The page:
Insider snooping into patient records is nothing to take lightly. It often ends in a compliance nightmare – costly and time-consuming – not to mention the patient trust levels that take a serious hit. By making patient privacy an utmost priority, executives at the West Virginia United Health System have tackled this issue head on through a variety of different avenues and have already seen marked success. 
There's no one magic bullet to ensuring patient record snooping doesn't happen, said Mark Combs, assistant chief information officer for the West Virginia United Health System. But by implementing a host of initiatives, comprehensive training and tapping into information technology for audits, Combs and his team have shown it can be done.
Combs, who will be presenting WVU Healthcare's privacy case study at HIMSS15 this April in the session "Stop Insider Snooping and Protect Your Patient Trust," says the six-hospital healthcare system goes far beyond the traditional computer modules that have a privacy component, as "there's no real learning that occurs in that; it's more of just a sign off," he said. Rather, they get to all employees as soon as they come on board with the organization. They have a privacy officer present to all new employees about the importance of patient privacy and what their responsibilities and expectations are.

The downside of health IT

Jeff Rowe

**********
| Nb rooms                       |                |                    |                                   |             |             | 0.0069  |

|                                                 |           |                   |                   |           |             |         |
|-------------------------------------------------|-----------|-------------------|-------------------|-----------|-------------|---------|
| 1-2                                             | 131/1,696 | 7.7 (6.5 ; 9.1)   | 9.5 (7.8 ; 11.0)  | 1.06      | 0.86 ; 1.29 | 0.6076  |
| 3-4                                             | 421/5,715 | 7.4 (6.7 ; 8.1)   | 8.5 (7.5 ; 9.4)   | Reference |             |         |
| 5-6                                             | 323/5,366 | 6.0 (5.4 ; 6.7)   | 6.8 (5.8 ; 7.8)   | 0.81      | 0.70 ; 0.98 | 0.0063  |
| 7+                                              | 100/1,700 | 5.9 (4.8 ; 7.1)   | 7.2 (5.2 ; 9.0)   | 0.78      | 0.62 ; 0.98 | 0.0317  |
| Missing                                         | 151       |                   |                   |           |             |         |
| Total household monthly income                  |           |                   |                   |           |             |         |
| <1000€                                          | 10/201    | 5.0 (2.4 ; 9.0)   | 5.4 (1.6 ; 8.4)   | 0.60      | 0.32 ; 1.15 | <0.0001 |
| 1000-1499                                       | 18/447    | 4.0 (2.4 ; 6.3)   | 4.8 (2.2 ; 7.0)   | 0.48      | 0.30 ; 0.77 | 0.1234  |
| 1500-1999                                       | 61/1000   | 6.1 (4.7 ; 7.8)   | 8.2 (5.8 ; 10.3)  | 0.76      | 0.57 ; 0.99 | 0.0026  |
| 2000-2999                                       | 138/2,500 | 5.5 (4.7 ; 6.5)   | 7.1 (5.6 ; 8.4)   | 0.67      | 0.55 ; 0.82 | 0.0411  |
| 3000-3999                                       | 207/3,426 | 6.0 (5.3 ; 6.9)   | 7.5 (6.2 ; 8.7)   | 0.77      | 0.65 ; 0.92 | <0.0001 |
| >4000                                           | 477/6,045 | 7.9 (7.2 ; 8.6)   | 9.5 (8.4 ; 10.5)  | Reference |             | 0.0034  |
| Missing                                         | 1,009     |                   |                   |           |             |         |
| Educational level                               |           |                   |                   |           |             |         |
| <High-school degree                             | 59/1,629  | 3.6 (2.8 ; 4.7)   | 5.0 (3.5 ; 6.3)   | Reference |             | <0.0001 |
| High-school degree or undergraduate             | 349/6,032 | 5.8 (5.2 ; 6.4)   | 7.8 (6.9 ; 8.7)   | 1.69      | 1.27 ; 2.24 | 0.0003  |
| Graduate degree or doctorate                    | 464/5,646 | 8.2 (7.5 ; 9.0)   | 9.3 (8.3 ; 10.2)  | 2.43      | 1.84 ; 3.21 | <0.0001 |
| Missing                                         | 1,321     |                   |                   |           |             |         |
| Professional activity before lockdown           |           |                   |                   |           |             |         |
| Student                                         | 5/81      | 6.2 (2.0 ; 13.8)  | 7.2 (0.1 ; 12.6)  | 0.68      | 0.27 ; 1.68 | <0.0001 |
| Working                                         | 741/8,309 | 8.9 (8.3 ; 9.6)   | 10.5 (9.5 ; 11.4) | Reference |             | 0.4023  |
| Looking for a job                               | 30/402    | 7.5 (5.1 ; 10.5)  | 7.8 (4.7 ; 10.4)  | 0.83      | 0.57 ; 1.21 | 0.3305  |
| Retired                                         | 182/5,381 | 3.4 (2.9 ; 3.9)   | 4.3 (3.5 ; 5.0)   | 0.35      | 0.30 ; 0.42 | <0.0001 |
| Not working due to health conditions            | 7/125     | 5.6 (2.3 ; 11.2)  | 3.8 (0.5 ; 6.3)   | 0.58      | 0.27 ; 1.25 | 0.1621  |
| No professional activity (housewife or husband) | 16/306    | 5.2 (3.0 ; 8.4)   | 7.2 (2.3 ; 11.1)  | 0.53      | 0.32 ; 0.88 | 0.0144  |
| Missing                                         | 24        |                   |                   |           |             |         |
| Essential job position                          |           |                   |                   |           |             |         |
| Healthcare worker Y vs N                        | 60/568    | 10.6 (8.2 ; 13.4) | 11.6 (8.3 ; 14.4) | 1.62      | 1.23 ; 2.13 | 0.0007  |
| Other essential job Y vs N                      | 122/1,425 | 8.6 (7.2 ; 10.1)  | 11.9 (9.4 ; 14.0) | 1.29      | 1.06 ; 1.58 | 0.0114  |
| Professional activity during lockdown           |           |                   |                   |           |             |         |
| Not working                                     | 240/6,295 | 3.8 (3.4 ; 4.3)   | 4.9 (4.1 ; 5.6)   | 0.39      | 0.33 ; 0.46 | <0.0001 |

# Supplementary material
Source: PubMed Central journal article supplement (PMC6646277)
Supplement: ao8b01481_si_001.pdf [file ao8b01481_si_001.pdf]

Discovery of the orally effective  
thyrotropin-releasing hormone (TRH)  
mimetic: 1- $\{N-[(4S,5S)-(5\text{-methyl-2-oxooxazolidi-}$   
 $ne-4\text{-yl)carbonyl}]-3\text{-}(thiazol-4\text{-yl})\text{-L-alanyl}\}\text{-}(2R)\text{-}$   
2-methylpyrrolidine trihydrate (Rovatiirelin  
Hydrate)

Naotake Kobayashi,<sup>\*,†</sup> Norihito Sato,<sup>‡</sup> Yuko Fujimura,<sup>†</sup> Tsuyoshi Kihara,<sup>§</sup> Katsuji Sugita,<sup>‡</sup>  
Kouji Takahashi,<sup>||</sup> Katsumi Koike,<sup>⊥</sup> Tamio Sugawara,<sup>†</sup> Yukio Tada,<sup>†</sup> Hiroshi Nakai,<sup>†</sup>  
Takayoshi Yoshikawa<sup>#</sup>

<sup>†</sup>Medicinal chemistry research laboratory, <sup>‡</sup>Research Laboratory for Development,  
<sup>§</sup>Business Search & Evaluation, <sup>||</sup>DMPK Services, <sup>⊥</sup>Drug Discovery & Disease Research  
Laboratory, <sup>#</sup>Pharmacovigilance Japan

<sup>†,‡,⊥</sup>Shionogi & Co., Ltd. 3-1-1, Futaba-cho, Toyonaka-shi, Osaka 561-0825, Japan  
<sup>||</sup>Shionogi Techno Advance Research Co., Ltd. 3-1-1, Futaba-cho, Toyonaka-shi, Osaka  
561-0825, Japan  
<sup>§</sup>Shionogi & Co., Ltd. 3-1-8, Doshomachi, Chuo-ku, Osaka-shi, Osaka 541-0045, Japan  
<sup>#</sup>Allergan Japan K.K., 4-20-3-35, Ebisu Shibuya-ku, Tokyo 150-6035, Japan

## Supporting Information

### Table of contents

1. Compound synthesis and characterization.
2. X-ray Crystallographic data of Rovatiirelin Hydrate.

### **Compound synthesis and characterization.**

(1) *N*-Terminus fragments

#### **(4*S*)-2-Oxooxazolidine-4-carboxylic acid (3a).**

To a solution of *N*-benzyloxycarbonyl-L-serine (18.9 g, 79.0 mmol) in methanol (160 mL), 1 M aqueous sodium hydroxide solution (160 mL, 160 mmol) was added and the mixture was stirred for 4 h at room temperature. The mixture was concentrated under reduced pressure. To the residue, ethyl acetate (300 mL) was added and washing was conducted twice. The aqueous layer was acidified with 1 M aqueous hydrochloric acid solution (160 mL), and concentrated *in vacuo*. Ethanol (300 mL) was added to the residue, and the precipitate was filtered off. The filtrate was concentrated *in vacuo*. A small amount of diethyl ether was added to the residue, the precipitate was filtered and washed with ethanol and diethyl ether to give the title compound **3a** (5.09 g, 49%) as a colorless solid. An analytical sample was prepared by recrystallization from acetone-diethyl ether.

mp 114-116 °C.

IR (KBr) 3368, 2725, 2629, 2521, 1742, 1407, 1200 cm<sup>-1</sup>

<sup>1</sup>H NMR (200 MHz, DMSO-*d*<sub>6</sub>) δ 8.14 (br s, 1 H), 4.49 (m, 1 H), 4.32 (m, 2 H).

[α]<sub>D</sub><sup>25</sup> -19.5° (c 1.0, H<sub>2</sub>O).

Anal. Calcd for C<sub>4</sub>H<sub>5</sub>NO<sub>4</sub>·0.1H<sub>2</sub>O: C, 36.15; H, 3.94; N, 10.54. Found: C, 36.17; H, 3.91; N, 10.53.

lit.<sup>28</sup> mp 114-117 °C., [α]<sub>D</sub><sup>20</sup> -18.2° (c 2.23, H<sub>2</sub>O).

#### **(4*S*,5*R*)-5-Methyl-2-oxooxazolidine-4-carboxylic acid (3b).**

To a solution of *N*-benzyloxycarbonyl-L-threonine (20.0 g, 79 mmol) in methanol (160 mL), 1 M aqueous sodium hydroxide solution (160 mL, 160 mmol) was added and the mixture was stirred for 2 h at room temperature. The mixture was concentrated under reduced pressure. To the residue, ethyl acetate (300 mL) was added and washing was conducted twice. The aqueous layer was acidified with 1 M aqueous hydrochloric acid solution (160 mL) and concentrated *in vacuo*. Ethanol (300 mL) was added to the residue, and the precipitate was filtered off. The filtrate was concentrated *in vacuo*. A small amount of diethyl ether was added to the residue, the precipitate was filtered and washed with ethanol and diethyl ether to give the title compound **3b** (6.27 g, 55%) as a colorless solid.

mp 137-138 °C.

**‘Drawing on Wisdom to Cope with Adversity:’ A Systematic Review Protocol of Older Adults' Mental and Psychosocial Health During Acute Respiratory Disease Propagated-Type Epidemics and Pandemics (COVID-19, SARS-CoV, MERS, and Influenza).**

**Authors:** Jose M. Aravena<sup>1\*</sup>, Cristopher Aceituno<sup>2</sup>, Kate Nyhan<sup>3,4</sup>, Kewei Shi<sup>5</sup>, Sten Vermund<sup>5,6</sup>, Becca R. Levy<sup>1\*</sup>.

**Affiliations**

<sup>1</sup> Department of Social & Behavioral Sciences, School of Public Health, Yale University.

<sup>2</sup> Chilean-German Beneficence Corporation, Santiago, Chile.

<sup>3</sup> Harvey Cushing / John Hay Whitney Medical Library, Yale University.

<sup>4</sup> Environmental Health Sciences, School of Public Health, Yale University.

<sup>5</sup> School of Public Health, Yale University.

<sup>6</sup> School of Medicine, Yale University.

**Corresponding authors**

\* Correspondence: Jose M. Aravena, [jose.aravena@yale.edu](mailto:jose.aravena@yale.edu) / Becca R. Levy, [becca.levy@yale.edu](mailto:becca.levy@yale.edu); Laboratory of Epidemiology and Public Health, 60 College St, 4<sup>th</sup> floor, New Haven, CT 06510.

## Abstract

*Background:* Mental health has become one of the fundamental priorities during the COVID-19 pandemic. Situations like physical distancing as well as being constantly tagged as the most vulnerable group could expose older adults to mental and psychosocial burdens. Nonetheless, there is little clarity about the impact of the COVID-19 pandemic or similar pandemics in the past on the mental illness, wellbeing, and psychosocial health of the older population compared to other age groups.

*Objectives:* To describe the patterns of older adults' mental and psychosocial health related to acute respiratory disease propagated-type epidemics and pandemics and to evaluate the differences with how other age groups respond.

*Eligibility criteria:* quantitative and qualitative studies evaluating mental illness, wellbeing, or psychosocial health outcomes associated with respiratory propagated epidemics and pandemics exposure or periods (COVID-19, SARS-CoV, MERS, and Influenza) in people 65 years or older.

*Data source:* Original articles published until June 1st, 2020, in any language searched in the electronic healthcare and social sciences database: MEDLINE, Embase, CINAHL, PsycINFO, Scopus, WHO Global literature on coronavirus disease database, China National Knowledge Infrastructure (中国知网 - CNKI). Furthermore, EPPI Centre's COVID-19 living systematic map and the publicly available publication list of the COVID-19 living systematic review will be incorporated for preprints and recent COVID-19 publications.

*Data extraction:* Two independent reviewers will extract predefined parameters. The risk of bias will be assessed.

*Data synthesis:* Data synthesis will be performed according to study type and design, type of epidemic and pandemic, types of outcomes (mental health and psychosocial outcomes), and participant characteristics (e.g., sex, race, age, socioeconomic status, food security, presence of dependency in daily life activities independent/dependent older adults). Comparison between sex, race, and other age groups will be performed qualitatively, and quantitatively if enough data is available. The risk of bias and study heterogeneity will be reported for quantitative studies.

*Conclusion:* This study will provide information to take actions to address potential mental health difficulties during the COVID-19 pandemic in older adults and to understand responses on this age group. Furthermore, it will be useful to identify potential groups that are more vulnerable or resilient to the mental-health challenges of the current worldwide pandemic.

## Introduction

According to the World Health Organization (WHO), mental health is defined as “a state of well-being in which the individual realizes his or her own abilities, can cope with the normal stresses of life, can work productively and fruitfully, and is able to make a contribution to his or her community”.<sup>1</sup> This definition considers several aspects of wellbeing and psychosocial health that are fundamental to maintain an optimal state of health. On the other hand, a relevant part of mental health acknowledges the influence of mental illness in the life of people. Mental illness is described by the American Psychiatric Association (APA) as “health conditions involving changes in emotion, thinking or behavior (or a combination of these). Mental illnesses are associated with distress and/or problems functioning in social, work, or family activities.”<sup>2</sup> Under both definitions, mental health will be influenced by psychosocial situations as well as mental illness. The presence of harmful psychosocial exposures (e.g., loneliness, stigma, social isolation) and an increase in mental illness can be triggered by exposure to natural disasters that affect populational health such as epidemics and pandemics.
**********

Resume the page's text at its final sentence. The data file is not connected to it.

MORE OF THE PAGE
February 12, 2015 AT 3:51 PM
Health IT, to put it mildly, is generally considered a good thing.  But there are dangers, too.
“According to the non-profit ECRI Institute, health technology hazards can come in many forms.  ‘They can be the result of IT-related problems such as improperly configured systems, incomplete data, or inappropriate malware protection (or) they can be caused by inappropriate human-device interaction . . .”

How Big Data Improves Care at Children’s Healthcare of Atlanta

FEB 16, 2015 7:28am ET
What began as a limited use of Hadoop at Children’s Healthcare of Atlanta is becoming a full-fledged big data initiative that is helping the organization provide better care for patients and deliver information that could potentially help citizens of Georgia avoid health problems in the future.
Children’s Healthcare provides a variety of healthcare services for children throughout the state, operating three hospitals and more than 20 neighborhood locations including five urgent care centers.
The institution’s foray into Hadoop began in 2013. A clinical research project it was working on with Georgia Institute of Technology needed bedside vital-monitor data—including heart rate, blood pressure, respiratory rate and oxygen saturation—from Children’s Pediatric Intensive Care Unit (PICU). Georgia Tech wanted to leverage historical and granular data from the monitors to understand what , if any, effect the environment of care—such as noise and light—had on patient vital signs. With that information, care givers could improve the environment by instituting quiet hours, moving noisy machines or redesigning care areas to improve the environment of care.

Insured patients prefer in-person communication to virtual with PCPs

Written by Akanksha Jayanthi (Twitter | Google+)  | February 13, 2015
Despite the push for technology-enabled medicine, the majority of adults with health insurance and a primary care physician actually prefer in-person visits and communication over virtual visits and communication, according to a report from Salesforce.
The report aggregates responses from more than 1,700 insured adults who have a primary care physician.
Results indicate these patients tend to prefer "traditional" methods of communication to connect with their physicians. For example,
  • Seventy-six percent of patients set up appointments with their primary care physicians over the phone, followed by 25 percent who do so in-person. Just 7 percent make appointments online.


No comments: